Innovation happens when people fearlessly try to do something that no one has done before. Very few people actually act on their crazy ideas that “should work”, and really disrupt the way things are done. PlanetLabs seems to have done just that.
Cubesats are tiny little satellites (cubes as small as 10cm on a side, sometimes called nanosatellites), and they used to be limited to student-type experiments. The idea is to make them cheaply using as many commercial off-the-shelf components as possible. Because they are so cheap, and because you can get several of them to work together, you can accept a higher risk of failure, making the entire mission cheaper. Launching these satellites is usually quite cheap as well, since they can usually ride “piggyback” on other launches. Dedicated launches are not required.
With time, technologies to improve pointing accuracy, power systems, and communications capabilities have begun to make these platforms useful to do jobs that would only be done by much larger satellites in the past. As an example, Canadian scientists recently launched a contribution to an international constellation of satellites for doing astronomy from low Earth orbit called BRITE.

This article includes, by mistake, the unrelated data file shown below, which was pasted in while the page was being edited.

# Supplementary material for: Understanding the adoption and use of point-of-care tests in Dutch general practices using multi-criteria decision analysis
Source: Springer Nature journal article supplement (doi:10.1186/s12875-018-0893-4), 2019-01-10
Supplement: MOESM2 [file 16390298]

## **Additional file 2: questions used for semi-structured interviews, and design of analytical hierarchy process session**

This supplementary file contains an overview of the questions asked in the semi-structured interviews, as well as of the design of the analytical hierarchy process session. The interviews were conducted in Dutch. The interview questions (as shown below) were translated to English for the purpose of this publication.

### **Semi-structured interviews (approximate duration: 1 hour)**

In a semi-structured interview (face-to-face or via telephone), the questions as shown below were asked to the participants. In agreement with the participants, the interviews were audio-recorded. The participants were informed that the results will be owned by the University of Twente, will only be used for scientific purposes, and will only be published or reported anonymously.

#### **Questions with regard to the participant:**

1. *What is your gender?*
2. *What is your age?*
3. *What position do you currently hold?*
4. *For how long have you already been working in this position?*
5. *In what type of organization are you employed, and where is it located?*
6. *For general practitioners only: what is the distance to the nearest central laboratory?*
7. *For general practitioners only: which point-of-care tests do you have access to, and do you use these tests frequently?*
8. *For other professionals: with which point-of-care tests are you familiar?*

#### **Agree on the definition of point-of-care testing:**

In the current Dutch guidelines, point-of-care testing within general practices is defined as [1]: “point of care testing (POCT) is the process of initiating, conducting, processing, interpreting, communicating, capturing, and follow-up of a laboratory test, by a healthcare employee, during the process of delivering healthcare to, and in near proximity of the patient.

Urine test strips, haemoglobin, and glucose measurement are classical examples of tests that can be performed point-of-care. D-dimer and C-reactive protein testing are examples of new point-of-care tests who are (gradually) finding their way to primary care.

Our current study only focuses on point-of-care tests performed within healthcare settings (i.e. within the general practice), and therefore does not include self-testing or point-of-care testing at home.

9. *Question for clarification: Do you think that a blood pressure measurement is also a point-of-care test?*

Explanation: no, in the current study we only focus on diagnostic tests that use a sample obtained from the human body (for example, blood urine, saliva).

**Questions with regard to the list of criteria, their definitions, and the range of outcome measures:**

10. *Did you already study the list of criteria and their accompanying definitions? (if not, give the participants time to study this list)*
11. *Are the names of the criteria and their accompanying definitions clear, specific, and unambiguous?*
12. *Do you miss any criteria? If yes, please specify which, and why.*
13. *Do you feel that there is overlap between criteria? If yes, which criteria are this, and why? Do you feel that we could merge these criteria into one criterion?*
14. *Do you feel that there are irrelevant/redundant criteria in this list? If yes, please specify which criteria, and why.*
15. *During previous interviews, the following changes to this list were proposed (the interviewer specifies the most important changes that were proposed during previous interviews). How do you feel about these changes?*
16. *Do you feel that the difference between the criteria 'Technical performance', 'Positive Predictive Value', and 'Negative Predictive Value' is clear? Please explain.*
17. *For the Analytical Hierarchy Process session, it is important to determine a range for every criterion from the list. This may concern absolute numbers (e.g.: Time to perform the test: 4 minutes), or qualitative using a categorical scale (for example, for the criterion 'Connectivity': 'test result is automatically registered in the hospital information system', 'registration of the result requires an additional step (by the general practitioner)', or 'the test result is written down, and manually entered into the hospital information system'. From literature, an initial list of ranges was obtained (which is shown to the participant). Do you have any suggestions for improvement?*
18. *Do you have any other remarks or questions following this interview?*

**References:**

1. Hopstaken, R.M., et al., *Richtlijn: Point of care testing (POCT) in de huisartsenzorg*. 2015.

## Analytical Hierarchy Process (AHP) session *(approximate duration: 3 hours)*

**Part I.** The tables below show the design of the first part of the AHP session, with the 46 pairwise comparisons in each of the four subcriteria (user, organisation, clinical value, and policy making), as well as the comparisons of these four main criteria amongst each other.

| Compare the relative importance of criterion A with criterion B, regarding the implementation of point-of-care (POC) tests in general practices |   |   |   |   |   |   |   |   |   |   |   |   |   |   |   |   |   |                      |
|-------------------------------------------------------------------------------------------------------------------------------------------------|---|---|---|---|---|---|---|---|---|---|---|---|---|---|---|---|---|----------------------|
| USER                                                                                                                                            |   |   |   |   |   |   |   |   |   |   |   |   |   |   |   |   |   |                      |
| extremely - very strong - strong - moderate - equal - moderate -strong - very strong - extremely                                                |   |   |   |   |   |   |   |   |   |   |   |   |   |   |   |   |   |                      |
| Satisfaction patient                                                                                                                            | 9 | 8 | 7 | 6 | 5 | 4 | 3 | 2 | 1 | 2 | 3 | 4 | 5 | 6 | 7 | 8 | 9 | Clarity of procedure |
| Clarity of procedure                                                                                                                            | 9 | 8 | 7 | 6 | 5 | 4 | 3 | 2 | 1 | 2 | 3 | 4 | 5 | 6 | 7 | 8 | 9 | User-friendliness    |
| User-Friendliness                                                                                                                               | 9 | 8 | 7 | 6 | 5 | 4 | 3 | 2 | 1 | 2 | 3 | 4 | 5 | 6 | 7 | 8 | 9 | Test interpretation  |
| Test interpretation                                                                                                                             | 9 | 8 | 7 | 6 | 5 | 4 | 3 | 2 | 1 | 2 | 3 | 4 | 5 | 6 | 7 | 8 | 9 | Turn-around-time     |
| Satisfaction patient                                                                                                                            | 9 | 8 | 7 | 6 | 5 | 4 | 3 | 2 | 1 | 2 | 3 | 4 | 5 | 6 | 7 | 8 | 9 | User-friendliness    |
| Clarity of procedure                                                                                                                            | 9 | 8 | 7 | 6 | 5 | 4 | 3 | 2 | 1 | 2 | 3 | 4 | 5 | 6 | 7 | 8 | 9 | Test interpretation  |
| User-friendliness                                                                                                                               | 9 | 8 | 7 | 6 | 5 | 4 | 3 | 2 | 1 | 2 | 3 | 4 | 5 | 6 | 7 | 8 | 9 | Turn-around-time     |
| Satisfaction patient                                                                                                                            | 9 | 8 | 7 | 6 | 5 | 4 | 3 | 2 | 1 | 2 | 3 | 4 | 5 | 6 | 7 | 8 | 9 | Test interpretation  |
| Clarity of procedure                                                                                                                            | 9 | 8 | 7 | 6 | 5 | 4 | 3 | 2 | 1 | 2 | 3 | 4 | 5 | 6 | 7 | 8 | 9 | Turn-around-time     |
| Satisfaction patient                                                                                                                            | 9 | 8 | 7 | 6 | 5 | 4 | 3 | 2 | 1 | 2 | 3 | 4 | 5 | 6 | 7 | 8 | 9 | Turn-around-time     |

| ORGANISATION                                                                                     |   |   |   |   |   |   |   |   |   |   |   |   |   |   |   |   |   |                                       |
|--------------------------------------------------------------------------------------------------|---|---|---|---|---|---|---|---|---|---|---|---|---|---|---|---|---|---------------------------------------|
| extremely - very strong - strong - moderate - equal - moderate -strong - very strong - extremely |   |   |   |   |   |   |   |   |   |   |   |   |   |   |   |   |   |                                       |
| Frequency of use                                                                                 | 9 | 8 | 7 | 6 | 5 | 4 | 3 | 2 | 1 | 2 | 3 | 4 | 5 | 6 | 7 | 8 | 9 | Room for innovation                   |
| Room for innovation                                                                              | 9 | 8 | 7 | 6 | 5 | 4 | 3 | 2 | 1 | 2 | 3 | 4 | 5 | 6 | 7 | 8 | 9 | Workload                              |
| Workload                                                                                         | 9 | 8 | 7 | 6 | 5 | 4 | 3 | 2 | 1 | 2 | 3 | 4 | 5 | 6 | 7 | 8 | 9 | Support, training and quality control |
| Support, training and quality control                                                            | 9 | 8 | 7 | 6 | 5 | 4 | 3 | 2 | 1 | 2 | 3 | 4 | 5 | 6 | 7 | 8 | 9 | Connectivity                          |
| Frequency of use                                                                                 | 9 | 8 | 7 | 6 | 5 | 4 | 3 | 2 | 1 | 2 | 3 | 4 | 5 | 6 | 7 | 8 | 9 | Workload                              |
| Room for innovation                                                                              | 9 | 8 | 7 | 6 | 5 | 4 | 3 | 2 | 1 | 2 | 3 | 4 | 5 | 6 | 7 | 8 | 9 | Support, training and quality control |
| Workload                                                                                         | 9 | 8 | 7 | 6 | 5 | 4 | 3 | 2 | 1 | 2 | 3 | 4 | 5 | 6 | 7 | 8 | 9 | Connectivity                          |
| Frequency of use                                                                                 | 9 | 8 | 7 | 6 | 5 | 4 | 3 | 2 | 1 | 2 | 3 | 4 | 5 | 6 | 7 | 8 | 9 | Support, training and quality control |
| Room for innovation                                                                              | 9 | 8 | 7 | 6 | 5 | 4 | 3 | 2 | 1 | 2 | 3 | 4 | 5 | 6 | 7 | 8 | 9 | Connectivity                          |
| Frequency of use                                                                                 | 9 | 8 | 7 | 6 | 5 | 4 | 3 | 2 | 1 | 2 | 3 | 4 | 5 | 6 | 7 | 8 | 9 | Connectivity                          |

Planet Labs is not only taking advantage of all these developments but they are also attempting to change the culture of opening Earth observation data from space to everyone. Once complete, their system will allow for medium-resolution imagery (3 to 5 metres), and all the data will be publicly available to anyone. Because there will be so many nanosatellites in orbit once the constellation is complete, revisiting a site of interest will be possible with short delays.
Farming, natural disasters, deforestation, forest fires; these are all examples of uses of this data. The idea is that when a lot of data that is regularly and frequently updated is made widely available, new uses will be discovered, new commercial opportunities for using the data will be created, and human kind will ultimately benefit.